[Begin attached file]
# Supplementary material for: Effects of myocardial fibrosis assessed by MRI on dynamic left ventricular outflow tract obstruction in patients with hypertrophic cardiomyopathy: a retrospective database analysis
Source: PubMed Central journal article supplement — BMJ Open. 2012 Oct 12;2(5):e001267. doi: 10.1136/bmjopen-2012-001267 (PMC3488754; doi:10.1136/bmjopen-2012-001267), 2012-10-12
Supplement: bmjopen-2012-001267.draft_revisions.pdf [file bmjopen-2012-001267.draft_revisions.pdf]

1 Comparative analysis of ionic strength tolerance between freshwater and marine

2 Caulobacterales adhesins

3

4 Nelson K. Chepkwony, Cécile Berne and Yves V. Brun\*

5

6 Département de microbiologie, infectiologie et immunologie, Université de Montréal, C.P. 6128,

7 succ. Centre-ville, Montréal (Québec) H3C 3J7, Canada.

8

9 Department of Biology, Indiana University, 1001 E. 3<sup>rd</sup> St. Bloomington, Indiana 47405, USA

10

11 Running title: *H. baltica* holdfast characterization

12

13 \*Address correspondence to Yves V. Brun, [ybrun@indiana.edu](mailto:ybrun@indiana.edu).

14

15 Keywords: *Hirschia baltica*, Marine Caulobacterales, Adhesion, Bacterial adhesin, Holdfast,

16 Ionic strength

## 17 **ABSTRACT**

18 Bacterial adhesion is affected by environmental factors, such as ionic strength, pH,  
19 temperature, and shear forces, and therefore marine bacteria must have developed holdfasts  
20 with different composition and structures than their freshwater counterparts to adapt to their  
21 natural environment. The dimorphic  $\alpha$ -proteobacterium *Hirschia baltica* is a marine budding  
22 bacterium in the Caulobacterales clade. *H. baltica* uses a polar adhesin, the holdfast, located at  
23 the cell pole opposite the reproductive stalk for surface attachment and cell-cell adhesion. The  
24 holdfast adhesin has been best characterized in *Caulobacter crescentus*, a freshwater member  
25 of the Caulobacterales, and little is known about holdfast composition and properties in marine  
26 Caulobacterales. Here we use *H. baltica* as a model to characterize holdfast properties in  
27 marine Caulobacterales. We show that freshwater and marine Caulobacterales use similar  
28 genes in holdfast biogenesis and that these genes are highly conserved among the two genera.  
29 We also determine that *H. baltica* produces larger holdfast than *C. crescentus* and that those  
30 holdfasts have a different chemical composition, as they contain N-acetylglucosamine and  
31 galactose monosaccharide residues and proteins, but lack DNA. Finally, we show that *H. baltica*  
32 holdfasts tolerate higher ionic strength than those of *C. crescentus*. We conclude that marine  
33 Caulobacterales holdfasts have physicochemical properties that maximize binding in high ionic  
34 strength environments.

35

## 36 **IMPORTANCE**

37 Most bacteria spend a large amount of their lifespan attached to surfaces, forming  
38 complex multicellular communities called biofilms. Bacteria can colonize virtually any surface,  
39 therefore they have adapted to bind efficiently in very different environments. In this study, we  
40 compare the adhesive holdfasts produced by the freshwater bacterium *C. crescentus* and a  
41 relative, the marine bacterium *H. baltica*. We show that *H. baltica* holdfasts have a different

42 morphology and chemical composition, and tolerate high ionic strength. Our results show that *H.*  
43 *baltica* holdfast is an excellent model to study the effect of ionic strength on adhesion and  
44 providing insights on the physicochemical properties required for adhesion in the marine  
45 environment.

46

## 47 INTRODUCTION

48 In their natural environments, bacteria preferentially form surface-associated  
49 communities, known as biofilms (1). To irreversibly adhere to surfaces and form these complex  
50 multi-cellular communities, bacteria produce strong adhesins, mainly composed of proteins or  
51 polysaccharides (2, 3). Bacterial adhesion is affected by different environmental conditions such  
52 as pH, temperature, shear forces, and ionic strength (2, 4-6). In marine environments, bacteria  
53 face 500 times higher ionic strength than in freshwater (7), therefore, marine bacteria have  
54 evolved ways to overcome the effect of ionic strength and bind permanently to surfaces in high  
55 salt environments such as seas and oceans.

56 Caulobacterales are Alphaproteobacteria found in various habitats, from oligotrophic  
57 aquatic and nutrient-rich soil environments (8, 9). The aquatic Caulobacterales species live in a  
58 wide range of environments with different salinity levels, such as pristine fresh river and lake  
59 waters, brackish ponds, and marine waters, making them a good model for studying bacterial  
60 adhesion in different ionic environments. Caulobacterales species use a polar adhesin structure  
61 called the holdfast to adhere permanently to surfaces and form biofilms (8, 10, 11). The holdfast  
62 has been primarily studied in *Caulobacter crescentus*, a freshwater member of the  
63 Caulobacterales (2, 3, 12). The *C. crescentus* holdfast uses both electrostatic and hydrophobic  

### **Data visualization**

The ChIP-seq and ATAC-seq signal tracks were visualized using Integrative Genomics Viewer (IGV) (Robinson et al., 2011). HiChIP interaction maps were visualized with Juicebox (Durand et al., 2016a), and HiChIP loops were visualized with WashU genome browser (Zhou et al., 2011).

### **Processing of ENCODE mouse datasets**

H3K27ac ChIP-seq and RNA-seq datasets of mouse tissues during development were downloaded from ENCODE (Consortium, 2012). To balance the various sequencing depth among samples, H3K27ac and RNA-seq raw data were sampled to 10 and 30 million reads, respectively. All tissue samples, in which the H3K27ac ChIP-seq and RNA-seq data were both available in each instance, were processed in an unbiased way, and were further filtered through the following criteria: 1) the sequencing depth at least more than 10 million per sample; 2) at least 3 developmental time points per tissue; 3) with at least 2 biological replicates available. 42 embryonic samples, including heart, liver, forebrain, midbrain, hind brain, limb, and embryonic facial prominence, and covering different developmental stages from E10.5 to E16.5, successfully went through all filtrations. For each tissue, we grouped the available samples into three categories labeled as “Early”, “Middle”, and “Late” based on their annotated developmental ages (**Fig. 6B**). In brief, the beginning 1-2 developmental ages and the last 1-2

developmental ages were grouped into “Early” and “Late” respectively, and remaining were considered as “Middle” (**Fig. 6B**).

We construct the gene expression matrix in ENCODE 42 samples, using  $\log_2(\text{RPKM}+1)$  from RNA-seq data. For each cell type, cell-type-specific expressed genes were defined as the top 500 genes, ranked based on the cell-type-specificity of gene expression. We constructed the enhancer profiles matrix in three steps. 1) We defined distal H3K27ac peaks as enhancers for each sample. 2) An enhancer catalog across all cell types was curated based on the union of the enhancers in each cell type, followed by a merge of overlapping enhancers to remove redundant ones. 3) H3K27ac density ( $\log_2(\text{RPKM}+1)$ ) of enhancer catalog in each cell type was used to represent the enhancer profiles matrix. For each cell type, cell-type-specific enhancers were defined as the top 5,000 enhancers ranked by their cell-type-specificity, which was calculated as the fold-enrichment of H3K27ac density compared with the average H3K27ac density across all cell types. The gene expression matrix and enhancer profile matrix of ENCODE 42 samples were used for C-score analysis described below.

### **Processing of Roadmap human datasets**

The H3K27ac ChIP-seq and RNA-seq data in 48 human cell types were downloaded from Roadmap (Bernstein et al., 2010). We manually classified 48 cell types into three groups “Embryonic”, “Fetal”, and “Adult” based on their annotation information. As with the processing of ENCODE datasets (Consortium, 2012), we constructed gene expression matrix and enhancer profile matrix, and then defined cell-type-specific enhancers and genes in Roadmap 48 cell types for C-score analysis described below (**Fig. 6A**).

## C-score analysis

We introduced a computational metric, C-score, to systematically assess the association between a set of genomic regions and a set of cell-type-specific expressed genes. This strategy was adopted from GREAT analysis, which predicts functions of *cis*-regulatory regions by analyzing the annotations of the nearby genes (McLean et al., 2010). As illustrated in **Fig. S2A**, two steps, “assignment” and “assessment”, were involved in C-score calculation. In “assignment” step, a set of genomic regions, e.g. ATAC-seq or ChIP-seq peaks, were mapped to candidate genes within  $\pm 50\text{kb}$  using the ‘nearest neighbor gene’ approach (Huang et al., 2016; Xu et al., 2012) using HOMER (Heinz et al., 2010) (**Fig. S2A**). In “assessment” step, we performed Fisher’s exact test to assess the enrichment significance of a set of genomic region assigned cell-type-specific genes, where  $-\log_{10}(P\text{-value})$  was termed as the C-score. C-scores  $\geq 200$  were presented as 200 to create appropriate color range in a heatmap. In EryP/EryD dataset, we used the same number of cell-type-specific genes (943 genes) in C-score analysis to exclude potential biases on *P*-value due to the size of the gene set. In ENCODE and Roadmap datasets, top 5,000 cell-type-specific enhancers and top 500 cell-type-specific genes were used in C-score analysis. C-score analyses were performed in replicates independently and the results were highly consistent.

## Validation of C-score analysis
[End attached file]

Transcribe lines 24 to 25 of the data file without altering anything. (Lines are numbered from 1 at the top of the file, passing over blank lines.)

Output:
21 natural environment. The dimorphic  $\alpha$ -proteobacterium *Hirschia baltica* is a marine budding  
22 bacterium in the Caulobacterales clade. *H. baltica* uses a polar adhesin, the holdfast, located at  